Despite the fact that school has kept me busy over the last week, I couldn’t keep myself from doing an article on a potential storm system that I am keeping my eye on for mid-March. Now let me mention a couple of things before I get into my reasoning. Yes, I am well aware that forecast models are not calling for a big storm system in mid-March, which doesn’t surprise me at all considering we’re just barely into March. I want to again mention the fact that I look at cycles and trends to make these long-range forecasts and don’t necessarily need forecast models to be supporting my ideas this far out. Weather and climate always repeats itself, and it consists of small, medium, and large cycles. If you can identify some of the smaller cycles within a particularly winter, you can predict the cold/warm spells and big storm systems a lot easier. If you question whether this works or not, go back and look at my previous forecasts for this winter and then recall what actually happened a couple of weeks later. Some winters are much harder to forecast for than others, but so far, these methods have worked quite well for this winter. Remember, all winters are different in some way though.
As I’ve stated many times now, this winter has been nothing short of remarkable and has been a great year to be a meteorologist or weather hobbyist. When you have a winter like this, you can learn A LOT, and I can say that I definitely have. This is going to be a winter that is not going to want to let up, and we are likely going to get yet another round of really cold air to push into the eastern United States later in March. As I’ve mentioned, I already have my eye on another system that could develop and push across the Gulf coast states and up the East Coast sometime in mid-March, just as this cold air may be in place. Now let me be clear that a storm system like this developing is not set in stone, but the possibility needs to be watched very closely.
One of the things that I’m watching closely right now is the storminess that is going to be occurring over Japan over the next few days. So why should we care what is happening in Japan? Well, in many cases, you can look at what is going on around the globe, and it can tell you what will happen in the United States in the future. Typically when you have a storm system to develop over Japan, you get a storm system in the United States about a week or week and a half later. I don’t need forecast models to tell me that a storm system could develop in the United States in mid-March when I can just look halfway around the globe and see what is actually happening. So how can we know who this storm system is going to impact?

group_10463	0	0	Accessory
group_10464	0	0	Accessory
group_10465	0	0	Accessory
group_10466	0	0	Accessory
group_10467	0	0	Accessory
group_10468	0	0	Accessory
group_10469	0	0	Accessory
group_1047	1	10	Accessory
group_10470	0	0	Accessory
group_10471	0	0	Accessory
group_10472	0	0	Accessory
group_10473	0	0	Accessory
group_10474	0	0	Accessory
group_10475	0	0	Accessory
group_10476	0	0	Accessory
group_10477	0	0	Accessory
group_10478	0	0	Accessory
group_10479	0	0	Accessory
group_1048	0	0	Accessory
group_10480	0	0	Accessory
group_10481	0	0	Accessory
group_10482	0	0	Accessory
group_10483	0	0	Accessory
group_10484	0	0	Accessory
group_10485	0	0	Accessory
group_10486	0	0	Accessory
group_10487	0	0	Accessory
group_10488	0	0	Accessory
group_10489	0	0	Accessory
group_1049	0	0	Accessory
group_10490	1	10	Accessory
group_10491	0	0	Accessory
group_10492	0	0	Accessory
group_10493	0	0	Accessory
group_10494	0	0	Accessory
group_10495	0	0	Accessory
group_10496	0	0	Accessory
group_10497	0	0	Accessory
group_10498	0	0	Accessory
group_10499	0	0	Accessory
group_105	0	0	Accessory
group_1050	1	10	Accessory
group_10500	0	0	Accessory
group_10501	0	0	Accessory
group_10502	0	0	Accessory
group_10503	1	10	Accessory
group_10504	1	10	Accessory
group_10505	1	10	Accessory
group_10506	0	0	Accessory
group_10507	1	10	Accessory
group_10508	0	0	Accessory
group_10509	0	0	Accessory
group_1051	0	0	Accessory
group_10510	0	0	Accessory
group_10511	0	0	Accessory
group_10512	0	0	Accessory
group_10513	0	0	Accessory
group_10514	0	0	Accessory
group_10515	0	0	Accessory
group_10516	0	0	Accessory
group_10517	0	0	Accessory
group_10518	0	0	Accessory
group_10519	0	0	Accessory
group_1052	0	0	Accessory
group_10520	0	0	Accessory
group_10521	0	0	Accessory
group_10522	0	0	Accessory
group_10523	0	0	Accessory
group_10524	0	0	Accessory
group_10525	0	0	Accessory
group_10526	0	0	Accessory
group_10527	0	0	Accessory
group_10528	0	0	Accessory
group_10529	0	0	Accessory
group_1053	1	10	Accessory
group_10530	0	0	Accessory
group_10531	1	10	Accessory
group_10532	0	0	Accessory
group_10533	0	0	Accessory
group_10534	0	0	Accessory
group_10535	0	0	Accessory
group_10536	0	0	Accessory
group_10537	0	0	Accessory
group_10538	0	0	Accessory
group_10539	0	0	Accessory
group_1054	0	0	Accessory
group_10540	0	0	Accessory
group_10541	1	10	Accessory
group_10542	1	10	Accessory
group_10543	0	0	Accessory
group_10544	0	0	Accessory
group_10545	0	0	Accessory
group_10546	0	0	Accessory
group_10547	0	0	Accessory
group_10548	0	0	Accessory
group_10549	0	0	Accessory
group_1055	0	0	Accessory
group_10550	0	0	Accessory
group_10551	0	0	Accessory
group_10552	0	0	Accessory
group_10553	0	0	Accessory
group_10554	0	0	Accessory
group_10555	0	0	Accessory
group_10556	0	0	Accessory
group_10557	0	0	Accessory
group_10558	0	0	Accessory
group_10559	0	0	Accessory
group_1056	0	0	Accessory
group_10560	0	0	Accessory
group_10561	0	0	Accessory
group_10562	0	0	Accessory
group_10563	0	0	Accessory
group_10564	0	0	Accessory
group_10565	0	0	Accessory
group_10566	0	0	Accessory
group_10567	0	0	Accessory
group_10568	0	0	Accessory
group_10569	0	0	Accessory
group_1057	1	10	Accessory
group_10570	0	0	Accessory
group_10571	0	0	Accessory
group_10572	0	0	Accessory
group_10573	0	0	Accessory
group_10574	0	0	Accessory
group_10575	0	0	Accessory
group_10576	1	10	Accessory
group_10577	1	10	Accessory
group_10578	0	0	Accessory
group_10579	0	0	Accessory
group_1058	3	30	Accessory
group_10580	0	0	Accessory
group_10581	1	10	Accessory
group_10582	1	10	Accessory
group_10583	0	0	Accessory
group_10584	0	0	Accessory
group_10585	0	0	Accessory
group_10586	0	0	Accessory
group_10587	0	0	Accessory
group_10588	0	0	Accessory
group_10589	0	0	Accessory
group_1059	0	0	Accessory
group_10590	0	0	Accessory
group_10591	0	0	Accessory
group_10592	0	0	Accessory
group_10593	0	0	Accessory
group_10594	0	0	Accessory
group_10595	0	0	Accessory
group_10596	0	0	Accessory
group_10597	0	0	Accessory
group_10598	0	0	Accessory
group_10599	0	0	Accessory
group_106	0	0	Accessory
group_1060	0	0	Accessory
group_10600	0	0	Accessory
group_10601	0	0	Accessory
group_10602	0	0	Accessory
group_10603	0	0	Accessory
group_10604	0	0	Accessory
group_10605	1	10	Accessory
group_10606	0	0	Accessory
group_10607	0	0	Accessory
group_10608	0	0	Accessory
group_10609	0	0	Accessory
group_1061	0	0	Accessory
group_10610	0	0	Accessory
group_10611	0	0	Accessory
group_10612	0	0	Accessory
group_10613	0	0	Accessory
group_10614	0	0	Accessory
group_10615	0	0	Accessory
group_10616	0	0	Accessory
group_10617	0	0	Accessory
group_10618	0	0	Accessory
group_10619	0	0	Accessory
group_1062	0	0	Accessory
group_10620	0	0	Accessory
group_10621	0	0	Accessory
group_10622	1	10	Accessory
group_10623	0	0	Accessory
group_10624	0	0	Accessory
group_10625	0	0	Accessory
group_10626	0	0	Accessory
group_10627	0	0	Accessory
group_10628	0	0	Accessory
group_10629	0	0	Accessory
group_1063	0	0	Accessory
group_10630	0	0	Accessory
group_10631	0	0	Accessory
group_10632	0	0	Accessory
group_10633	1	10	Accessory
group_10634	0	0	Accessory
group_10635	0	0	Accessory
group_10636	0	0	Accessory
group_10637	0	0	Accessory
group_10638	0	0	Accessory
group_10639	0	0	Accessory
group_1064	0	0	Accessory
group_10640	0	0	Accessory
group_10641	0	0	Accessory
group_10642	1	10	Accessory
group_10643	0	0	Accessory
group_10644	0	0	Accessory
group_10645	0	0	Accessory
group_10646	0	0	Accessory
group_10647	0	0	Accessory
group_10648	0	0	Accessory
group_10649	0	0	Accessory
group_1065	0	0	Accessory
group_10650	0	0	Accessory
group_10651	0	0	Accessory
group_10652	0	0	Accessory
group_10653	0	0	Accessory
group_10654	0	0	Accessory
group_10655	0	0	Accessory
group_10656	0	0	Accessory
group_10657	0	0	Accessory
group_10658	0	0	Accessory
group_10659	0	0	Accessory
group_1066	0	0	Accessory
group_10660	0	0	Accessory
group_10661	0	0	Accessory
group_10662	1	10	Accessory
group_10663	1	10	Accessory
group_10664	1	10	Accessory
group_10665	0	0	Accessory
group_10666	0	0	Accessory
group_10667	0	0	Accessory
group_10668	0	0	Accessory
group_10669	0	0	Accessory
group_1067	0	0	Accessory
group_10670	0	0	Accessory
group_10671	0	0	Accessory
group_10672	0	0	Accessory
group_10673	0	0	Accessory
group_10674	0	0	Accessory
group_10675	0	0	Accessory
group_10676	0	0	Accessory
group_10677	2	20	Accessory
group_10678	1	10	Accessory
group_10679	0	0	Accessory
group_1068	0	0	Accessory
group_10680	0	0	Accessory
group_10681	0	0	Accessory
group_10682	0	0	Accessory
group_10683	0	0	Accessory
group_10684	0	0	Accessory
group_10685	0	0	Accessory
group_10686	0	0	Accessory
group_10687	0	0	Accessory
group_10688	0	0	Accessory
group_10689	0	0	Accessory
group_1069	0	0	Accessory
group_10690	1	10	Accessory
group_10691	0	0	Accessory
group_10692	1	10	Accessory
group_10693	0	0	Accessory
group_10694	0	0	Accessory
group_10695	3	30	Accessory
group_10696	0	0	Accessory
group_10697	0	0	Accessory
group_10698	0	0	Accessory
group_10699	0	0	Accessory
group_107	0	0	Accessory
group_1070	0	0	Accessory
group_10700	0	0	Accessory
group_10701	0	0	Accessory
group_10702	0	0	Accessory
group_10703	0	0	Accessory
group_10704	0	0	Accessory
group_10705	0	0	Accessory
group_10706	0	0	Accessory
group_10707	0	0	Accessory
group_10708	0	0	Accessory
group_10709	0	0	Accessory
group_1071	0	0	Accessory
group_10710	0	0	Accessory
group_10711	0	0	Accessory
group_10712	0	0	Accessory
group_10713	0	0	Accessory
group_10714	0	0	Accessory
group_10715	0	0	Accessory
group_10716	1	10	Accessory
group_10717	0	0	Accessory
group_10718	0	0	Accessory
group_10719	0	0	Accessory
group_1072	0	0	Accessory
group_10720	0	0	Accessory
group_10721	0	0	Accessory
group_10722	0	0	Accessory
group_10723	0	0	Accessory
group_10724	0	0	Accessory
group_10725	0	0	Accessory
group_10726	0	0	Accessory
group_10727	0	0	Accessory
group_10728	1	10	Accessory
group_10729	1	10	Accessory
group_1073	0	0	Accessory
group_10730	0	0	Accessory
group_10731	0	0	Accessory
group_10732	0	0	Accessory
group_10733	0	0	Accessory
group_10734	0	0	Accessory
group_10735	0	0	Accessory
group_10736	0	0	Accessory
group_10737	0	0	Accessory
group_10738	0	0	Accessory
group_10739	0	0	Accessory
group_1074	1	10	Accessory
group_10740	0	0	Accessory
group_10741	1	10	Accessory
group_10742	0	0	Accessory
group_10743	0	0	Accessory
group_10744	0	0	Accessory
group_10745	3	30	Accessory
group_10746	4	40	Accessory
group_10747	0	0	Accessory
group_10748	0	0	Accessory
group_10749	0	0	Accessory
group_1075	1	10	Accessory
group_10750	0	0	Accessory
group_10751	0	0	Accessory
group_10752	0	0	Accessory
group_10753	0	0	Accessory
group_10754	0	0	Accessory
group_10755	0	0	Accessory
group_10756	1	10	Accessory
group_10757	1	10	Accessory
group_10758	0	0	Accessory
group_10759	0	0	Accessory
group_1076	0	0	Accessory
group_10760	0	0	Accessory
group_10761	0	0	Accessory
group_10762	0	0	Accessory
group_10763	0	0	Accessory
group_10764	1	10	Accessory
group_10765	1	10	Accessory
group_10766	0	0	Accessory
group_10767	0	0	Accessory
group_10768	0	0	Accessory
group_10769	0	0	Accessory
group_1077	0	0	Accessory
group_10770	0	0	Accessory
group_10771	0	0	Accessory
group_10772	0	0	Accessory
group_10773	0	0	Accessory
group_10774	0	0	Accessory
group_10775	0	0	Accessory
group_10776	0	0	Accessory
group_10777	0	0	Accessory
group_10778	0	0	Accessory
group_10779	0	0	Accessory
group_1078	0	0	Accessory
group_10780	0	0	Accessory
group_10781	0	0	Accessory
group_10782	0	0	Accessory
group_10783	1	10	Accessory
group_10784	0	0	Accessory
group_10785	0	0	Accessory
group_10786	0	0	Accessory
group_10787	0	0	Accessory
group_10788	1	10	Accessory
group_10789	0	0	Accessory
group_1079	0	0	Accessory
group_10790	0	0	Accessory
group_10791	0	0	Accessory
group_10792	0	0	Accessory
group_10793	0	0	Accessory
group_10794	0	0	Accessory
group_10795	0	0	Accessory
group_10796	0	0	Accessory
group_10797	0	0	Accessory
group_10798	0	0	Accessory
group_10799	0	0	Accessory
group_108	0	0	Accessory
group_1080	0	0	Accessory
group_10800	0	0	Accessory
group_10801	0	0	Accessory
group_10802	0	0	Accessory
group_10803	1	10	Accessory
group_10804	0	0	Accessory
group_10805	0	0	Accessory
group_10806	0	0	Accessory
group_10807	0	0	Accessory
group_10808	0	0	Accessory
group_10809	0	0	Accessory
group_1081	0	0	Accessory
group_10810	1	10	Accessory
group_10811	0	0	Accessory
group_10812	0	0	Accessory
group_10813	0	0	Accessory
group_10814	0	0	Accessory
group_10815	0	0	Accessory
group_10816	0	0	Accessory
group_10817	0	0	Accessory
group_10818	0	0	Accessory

Lezak’s Recurring Cycle (LRC) is something that sets up in the fall and lasts through the winter. Every winter is different, but you can use what has occurred earlier in the season to predict what will occur later in the season. If you use the LRC for this season, you would see that it supports the idea of troughing setting up over the eastern United States and ridging over the western United States in mid-March. It also supports the idea of a potentially big system occurring in this timeframe, and how I know where it could potentially go is by looking at what a similar storm system did back in January. It really is amazing how these cycles set up, and I wish many meteorologists would start looking at seasonal cycles more often. Their forecasts would probably improve greatly.